Visitor Center, Montezuma Castle National Monument, Camp Verde, Arizona
Montezuma Castle National Monument protects a set of well-preserved cliff dwellings near the town of Camp Verde, Arizona, United States. The dwellings were built and used by the Sinagua people, a pre-Columbian culture closely related to the Hohokam and other indigenous peoples of the southwestern United States, between approximately 1100 and 1425 AD. The main structure comprises five stories and twenty rooms, and was built over the course of three centuries.
Neither part of the monument's name is correct. When European-Americans first observed the ruins in the 1860s, by then long-abandoned, they named them for the famous Aztec emperor Montezuma in the mistaken belief that he had been connected to their construction (see also Montezuma mythology). In fact, the dwelling was abandoned more than 40 years before Montezuma was born, and was not a "castle" in the traditional sense, but instead functioned more like a "prehistoric high rise apartment complex".
Several Hopi clans and Yavapai communities trace their ancestries to early immigrants from the Montezuma Castle/Beaver Creek area. Clan members periodically return to these ancestral homes for religious ceremonies.
Montezuma Castle is situated about 90 feet (27 m) up a sheer limestone cliff, facing the adjacent Beaver Creek, which drains into the perennial Verde River just north of Camp Verde. It is one of the best-preserved cliff dwellings in North America, in part because of its ideal placement in a natural alcove that protects it from exposure to the elements. The precariousness of the dwelling's location and its immense scale - almost 4,000 square feet (370 m2) of floor space across five stories - suggest that the Sinagua were daring builders and skilled engineers. Access into the structure was most likely permitted by a series of portable ladders, which made it difficult for enemy tribes to penetrate the natural defense of the vertical barrier.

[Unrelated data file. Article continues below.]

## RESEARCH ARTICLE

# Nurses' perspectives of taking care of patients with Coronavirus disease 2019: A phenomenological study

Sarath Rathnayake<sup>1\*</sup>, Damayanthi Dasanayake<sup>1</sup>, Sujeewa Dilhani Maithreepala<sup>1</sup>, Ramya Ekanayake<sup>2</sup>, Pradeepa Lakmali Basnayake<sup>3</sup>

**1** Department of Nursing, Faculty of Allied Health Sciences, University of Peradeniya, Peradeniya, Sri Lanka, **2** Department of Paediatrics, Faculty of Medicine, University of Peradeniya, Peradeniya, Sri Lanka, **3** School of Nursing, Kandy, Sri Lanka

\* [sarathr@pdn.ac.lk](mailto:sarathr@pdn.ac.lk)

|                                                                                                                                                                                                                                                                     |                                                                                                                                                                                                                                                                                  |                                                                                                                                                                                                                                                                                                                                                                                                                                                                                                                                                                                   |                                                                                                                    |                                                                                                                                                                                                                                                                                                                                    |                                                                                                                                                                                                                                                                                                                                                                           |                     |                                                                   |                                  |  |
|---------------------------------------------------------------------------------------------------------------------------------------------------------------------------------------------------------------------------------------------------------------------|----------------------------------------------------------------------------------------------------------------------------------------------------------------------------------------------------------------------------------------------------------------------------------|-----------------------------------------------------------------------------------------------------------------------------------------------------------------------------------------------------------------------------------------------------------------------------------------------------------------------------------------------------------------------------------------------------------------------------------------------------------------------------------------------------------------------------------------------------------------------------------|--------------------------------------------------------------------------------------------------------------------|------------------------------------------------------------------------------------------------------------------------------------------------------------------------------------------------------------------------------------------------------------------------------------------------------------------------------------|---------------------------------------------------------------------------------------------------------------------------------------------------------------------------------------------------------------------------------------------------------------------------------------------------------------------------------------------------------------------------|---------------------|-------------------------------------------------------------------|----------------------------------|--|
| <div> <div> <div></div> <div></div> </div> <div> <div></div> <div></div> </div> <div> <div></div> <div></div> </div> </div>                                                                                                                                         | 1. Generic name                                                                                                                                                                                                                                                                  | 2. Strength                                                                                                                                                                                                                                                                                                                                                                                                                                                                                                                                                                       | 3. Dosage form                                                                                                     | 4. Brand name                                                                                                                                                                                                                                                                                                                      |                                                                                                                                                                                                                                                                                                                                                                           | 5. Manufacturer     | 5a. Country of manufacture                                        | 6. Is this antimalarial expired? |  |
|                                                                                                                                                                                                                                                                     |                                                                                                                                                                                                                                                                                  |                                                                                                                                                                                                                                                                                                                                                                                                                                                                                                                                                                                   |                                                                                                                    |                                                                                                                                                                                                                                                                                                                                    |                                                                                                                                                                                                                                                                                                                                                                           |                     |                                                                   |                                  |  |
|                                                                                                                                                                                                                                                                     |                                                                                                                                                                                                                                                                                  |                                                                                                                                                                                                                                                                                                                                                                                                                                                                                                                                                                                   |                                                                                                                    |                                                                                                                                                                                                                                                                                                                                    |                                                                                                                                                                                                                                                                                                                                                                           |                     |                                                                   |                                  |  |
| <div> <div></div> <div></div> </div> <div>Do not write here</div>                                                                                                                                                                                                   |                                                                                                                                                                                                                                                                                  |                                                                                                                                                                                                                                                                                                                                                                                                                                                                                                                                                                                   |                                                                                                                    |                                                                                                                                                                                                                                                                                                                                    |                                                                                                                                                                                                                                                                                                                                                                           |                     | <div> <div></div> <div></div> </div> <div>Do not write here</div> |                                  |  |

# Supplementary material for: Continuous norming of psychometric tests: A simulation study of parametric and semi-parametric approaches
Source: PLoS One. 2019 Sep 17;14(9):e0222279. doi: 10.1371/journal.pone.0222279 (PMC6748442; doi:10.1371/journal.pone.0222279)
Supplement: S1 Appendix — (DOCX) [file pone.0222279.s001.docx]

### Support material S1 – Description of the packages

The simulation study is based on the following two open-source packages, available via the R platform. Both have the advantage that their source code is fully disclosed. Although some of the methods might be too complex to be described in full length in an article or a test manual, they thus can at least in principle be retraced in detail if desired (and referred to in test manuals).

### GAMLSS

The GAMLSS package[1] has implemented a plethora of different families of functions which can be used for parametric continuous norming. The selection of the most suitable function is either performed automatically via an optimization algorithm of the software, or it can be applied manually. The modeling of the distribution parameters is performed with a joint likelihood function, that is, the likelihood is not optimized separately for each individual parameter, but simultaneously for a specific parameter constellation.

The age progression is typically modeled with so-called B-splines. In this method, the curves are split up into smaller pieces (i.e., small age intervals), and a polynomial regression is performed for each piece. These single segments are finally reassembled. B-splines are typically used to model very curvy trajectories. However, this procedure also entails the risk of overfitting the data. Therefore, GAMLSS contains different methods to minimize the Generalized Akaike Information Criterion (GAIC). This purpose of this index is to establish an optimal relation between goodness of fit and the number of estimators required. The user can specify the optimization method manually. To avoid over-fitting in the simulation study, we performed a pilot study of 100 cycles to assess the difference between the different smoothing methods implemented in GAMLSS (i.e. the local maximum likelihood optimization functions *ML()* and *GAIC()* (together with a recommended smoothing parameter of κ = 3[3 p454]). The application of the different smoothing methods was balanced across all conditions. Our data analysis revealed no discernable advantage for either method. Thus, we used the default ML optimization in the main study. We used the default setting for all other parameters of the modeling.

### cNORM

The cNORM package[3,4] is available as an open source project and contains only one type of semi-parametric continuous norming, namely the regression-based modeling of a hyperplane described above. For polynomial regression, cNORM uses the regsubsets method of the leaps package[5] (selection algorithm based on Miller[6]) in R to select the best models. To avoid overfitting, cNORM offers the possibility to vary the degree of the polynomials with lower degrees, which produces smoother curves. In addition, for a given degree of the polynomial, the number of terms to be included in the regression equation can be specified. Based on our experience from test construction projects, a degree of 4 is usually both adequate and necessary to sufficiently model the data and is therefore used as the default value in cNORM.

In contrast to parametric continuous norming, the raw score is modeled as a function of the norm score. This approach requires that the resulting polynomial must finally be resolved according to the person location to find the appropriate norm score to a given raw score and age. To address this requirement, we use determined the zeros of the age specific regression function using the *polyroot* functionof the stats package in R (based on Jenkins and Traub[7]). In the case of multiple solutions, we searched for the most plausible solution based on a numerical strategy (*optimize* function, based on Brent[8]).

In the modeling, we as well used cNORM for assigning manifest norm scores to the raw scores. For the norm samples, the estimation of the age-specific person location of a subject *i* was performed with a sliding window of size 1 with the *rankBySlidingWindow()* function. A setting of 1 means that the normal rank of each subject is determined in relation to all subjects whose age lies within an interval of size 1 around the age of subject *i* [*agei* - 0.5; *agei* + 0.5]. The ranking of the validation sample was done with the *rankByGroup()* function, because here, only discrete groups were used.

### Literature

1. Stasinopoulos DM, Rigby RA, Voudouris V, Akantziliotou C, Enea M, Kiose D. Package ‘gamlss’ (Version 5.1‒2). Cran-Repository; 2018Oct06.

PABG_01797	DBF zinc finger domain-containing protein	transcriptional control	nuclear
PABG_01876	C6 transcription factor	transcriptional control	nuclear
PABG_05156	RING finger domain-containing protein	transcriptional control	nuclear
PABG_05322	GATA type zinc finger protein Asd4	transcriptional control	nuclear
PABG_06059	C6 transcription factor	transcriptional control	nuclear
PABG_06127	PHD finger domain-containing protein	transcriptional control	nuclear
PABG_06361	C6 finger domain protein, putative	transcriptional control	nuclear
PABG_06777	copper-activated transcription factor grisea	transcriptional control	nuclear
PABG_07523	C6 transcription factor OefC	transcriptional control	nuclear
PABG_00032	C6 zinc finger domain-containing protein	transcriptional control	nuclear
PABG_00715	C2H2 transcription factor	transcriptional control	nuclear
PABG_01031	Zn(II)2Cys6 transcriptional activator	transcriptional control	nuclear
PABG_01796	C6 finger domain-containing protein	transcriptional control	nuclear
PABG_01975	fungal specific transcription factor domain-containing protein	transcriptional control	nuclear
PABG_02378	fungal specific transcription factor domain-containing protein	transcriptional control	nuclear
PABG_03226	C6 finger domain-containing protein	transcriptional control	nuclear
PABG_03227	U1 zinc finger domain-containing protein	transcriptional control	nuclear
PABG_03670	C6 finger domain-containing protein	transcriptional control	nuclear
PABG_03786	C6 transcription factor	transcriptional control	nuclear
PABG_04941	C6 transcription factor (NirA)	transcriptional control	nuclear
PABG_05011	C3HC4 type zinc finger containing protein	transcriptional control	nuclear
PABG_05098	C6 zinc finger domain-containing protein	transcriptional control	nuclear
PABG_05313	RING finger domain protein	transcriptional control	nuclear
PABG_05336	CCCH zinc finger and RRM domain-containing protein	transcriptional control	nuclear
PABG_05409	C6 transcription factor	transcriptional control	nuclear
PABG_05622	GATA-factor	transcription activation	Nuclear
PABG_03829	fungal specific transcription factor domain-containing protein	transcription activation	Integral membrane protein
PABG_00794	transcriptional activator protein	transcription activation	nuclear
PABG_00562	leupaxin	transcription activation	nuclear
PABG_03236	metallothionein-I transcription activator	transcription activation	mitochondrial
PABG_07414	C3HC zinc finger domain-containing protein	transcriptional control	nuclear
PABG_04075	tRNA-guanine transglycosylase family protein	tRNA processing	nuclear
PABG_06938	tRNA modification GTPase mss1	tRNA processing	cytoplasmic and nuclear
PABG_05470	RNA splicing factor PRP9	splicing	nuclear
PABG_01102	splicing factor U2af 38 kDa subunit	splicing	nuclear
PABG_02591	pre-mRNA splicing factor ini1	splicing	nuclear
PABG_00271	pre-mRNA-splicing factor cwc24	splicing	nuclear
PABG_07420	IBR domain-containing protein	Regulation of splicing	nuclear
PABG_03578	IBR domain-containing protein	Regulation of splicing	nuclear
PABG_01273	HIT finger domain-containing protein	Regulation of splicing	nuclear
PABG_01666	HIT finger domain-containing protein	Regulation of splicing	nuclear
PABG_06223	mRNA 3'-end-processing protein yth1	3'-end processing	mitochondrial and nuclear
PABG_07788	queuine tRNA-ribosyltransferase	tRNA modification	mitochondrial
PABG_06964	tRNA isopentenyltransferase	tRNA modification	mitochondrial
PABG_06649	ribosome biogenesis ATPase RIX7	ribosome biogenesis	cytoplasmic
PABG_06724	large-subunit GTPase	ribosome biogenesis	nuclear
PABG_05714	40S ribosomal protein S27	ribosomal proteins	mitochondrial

Perhaps the main reason the Sinagua chose to build the Castle so far above the ground, however, was to escape the threat of natural disaster in the form of the annual flooding of Beaver Creek. During the summer monsoon season, the creek frequently breached its banks, inundating the floodplain with water. The Sinagua recognized the importance of these floods to their agriculture, but likely also the potential destruction they presented to any structures built in the floodplain. Their solution was to build a permanent structure in the high recess afforded by the limestone cliff.
The walls of Montezuma Castle are excellent examples of early stone-and-mortar masonry, constructed almost entirely from chunks of limestone found at the base of the cliff, as well as mud and/or clay from the creek bottom. The ceilings of the rooms also incorporated sectioned timbers as a kind of roof thatching, obtained primarily from the Arizona sycamore, a large hardwood tree native to the Verde Valley.
Evidence of permanent dwellings like those at Montezuma Castle begins to appear in the archaeological record of Arizona's Verde Valley about 1050 AD, though the first distinctly Sinagua culture may have occupied the region as early as 700 AD.